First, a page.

Hi Dana. I saw the stuff you posted on the Colorado amendment. It’s a great idea, though I didn’t understand why a procedural delay is preventing them from gathering signatures. Amazing linkages indeed!
Thank you for taking no quarter with them. It is refreshing and wonderful to read someone holding ground against co-optation, or even taking ground back. I appreciate that. And I like the term “liberal gate keeping.” It is a wonderfully succinct description of elitist, egotistical, oppressive, apologetic and patronizing behavior.
RE: the FAQ, I got news it would be a few more days I’m waiting on feedback. I’m also eager to get yours as well. Contact me if you get impatient, otherwise I’lll be in touch.
I think “loopholes” such as “cow shares” are a good intermediate liberation strategy as well as a good economic development strategy. I’ve been building a generalized business model on the idea. The more people who get screwed over by the system attempting to “close the loopholes” the greater the popular resistance will be, and when that time comes, we need to have legal (e.g., CR) and economic alternatives ready. I think people who have direct relationships with their food and food systems often understand what’s at stake.
If your posts are any indicator of the content of your character, I would hang with you any day!
Hi ozob 🙂 As you can see from my comment to Russ above, we are all in the same CR club here. Russ is a member of the Benton FB page and I’ve been posting some of his relevant stuff over there and he also chimes in with some really good comments to various postings. I invite you to join us and become a member of our FB page. Multiple OR CR groups have members there along with people that don’t yet get this CR work but are learning as we share all kinds of info. It’s slow going, but if we just keep putting the info out there many people finally get it. Maybe you can get a conversation going about pattern language. We really need some help with framing the oppositions talking points as we get into campaign mode.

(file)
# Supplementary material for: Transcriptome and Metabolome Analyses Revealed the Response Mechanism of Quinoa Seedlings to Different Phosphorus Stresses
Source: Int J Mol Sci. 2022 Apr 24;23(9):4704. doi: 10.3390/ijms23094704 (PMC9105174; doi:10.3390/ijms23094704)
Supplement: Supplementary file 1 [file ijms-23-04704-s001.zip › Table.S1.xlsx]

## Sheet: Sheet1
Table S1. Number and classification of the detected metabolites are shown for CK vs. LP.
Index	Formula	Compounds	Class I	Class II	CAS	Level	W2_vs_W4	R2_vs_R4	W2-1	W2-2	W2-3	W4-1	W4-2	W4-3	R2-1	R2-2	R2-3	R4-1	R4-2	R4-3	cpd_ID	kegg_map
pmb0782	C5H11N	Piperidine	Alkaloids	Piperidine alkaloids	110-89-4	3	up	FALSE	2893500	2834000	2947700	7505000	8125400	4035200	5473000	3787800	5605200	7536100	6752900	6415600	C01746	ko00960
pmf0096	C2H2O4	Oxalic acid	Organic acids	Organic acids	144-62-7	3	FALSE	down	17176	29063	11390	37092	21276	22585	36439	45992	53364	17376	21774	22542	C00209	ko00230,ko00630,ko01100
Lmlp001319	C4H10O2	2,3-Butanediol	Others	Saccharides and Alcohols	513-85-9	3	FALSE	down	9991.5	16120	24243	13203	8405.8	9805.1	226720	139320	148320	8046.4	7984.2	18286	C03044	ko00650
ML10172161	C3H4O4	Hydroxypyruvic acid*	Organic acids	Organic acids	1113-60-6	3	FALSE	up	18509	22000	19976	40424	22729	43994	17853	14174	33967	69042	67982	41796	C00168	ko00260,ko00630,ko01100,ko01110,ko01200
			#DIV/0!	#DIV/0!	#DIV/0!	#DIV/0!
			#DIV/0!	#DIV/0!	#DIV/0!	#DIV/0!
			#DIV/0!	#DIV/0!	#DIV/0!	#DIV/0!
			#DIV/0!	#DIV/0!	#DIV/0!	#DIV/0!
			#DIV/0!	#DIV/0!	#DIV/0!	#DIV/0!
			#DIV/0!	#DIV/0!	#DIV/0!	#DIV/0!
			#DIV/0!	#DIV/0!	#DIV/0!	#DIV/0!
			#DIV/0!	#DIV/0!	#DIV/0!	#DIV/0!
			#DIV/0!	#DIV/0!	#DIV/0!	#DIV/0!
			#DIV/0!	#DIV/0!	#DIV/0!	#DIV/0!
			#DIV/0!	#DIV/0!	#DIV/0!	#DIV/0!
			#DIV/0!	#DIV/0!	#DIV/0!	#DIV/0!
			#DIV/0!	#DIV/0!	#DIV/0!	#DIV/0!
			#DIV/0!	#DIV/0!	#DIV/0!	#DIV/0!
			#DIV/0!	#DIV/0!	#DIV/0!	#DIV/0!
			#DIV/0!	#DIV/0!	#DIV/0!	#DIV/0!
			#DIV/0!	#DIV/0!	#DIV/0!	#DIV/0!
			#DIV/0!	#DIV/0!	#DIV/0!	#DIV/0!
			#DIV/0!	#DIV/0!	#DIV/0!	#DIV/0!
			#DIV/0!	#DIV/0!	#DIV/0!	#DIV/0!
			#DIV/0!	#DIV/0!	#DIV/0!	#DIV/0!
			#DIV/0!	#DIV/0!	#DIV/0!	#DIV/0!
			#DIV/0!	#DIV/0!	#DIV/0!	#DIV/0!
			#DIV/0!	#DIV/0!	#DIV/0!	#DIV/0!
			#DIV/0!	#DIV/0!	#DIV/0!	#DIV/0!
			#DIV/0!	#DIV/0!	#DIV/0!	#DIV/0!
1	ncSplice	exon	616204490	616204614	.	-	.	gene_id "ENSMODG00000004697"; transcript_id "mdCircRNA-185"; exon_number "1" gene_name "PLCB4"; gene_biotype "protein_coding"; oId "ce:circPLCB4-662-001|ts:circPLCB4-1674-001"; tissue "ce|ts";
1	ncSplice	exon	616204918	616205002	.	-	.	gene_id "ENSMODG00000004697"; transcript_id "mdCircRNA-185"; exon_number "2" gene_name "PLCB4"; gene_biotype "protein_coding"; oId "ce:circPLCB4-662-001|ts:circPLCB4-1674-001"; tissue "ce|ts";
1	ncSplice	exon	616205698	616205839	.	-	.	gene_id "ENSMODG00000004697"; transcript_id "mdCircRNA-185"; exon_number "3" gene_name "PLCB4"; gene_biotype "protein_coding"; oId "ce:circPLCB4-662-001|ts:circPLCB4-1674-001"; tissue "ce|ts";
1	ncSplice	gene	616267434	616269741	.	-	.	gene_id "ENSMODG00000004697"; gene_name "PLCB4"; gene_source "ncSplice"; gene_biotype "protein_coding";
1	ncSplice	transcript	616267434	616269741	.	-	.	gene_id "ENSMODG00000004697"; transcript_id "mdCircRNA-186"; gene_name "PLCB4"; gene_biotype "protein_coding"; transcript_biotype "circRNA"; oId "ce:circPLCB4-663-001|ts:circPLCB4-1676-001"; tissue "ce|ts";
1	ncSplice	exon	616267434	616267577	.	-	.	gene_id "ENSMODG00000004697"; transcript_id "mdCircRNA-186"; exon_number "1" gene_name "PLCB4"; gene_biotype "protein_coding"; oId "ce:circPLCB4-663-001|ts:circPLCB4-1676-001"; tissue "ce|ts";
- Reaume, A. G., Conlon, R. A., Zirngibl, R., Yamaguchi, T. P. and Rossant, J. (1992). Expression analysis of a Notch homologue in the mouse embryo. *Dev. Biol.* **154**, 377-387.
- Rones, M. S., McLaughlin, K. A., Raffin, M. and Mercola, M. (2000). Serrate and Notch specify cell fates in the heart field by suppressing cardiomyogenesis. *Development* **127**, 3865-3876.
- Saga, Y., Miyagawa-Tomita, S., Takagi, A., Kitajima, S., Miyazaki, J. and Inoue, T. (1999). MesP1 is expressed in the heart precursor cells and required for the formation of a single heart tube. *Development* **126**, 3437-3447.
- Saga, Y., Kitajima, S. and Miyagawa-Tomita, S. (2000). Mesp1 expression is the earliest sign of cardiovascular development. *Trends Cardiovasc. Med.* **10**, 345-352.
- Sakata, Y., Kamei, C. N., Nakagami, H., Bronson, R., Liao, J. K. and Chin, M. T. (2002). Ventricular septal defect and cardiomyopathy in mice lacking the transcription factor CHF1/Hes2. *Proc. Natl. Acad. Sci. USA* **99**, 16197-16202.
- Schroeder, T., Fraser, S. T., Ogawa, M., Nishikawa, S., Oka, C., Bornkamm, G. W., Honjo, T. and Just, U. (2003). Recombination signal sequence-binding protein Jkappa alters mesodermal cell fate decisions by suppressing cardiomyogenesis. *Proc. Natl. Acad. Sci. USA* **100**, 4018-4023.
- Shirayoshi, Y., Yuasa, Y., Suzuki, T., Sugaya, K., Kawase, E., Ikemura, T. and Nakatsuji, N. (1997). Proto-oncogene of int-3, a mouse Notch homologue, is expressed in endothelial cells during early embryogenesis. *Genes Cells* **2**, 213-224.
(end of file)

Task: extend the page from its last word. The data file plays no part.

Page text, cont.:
I have the same idea as you about people being taught by the system’s persecution that we can’t appease them and can’t seek a compromise. One of the many reasons we cannot “coexist” with GMOs, too.
That in turn is the same idea which was borne out by the history of the 19th century Populist movement. The movement lecturers described how the Farmers’ Alliance co-ops were being systematically embargoed by the banks and suppliers, not because the co-op business fundamentals were bad, but because the existing finance system wanted to destroy them, since they were building an alternative to farmer indenture to the banks and furnishing merchants. This hard-knocks education in turn taught the farmers that they couldn’t hope to better their position within the existing system, but would need to achieve radical change. This led them to adopt the greenbacker platform and demand the subtreasury plan.
We need a similar movement-building process today, though a big advantage today’s direct retail farmers have over the commodity cotton farmers who formed the base of the Populist movement is that they were stuck with trying to reform the commodity system upon which they were dependent, while we only need to break free of it.
I’d hang with you guys. 🙂 I look forward to reading the FAQ.